The legal drinking age in Canada is not the same in all parts of the country. It is the minimum age a person needs to be so they could be able to buy and consume alcohol. That age is 18 in Alberta, Manitoba and Québec and 19 for the other parts of the country.
Legal Age for Drinking in Canada:
Alberta – 18 years old
British Columbia – 19 years old
Manitoba – 18 years old
New Brunswick – 19 years old
Newfoundland and Labrador – 19 years old
Northwest Territories – 19 years old
Nova Scotia – 19 years old
Nunavut – 19 years old
Ontario – 19 years old
Prince Edward Island – 19 years old
Québec – 18 years old
Saskatchewan – 19 years old
Yukon Territory – 19 years old
Overconsumption of Alcohol
The problems and risks of overconsumption of alcohol are getting higher each year, mostly among young adults aged 18-20. The Canada Low-Risk Alcohol Drinking Guidelines was released in 2011 and was one of the first national guidelines. Canadians have been trying to reduce the consumption of alcohol across the whole country. They have done multiple types of research on the effects of alcohol on young people between the ages of 18/19–24. They found out that even moderate alcohol consumption can be extremely harmful and can cause some long-term issues.
The Effect of Laws
There was a study at the University of Northern British Columbia (UNBC) Faculty of Medicine in 2014. which proved that drinking-age laws in Canada have a big part in the level of youth mortality. Dr. Russell Callaghan, a UNBC Associate Professor of Psychiatry wrote a book “Drug and Alcohol Dependence” where he explained that young males who are just a few years older than the minimum drinking age are more likely to get harmed or pass away from injuries and motor vehicle accidents. “This evidence demonstrates that drinking-age legislation has a significant effect on reducing mortality among youth, especially young males,” added Dr. Callaghan. Some researches suggest that by changing the drinking age to 19 in Alberta, Manitoba, and Québec would reduce the number of 18-year-old male adults, and changing it to 21 would prevent more than 30 deaths of younger men every year.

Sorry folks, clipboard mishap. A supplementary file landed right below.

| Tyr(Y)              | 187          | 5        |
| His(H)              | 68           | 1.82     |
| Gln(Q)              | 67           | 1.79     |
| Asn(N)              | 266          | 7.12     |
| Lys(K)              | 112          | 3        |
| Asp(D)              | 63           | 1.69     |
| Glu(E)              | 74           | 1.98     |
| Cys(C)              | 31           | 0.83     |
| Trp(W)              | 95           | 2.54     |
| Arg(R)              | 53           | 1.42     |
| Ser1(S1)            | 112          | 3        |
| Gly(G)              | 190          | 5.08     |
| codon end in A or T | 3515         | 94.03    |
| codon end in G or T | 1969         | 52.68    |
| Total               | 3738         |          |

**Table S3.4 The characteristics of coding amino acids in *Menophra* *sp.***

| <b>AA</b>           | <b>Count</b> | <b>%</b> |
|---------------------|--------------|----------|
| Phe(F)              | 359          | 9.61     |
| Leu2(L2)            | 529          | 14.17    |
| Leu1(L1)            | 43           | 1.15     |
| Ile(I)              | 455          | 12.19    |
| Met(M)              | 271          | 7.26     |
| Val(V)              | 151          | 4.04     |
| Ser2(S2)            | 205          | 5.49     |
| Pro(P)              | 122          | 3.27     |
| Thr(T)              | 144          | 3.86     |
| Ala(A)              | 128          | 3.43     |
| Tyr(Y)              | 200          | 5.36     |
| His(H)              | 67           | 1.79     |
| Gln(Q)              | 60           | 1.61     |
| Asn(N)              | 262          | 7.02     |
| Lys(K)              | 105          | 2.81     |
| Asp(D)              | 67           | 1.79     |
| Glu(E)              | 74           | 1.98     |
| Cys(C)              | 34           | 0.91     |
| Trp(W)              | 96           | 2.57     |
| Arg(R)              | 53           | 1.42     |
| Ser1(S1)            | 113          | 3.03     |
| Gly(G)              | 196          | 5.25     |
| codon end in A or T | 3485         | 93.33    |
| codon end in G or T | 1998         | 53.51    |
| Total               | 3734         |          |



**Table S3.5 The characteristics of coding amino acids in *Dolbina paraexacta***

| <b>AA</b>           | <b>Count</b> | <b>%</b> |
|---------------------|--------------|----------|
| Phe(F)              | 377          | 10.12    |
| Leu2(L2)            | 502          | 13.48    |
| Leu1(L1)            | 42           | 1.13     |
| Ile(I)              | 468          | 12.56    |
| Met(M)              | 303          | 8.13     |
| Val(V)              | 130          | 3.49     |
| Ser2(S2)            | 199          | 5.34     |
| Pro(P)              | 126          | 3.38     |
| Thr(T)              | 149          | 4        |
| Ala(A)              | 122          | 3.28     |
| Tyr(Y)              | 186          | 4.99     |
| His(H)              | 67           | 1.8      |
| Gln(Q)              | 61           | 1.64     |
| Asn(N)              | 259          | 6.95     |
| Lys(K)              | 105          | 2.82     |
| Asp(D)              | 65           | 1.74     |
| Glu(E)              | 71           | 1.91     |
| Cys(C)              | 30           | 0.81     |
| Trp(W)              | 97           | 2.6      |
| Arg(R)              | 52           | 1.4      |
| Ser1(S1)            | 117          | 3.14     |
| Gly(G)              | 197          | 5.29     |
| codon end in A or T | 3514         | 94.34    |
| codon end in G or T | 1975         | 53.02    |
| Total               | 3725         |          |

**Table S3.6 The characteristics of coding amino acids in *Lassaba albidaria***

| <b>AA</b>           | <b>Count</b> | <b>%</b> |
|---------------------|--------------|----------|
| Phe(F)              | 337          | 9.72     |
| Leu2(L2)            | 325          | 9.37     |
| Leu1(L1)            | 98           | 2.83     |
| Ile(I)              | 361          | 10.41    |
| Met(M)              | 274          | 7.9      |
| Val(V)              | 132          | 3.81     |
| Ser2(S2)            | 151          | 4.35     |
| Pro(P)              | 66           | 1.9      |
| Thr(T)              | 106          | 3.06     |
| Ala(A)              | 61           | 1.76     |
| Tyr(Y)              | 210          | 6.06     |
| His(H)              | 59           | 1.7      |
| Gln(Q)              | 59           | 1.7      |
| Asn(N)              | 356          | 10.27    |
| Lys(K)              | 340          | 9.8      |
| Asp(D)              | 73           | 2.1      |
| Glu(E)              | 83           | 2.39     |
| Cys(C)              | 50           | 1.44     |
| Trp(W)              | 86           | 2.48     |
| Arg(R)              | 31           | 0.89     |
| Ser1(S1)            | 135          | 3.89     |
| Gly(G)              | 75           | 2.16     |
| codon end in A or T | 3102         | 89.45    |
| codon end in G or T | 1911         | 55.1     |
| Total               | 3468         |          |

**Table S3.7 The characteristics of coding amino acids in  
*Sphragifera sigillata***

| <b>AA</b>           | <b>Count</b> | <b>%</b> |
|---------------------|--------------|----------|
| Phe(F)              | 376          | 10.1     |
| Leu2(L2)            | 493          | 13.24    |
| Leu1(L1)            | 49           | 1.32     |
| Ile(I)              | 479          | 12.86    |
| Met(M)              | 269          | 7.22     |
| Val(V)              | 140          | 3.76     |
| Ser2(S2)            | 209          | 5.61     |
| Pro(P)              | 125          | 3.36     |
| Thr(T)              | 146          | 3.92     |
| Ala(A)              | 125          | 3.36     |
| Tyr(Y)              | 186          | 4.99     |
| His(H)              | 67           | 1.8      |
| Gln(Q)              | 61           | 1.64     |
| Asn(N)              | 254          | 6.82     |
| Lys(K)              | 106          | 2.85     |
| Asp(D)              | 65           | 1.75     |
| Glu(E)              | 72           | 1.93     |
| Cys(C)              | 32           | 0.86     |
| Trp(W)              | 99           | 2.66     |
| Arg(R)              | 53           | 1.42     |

“Many provinces, including British Columbia, are undertaking alcohol-policy reforms,” Dr. Callaghan added. “Our research shows that there are substantial social harms associated with youth drinking. These adverse consequences need to be carefully considered when we develop new provincial alcohol policies. I hope these results will help inform the public and policymakers in Canada about the serious costs associated with hazardous drinking among young people.”
The Impact of Higher Prices Of Alcohol
In order to reduce the consumption of alcoholic drinks, their prices had been increased by excising taxes and indexing prices to inflation. The CCSA suggests that inexpensive sources of alcohol should no longer be available because they are the ones that younger people favorize. Since alcohol is much cheaper in the United States, many people purchase it there and carry it to Canada.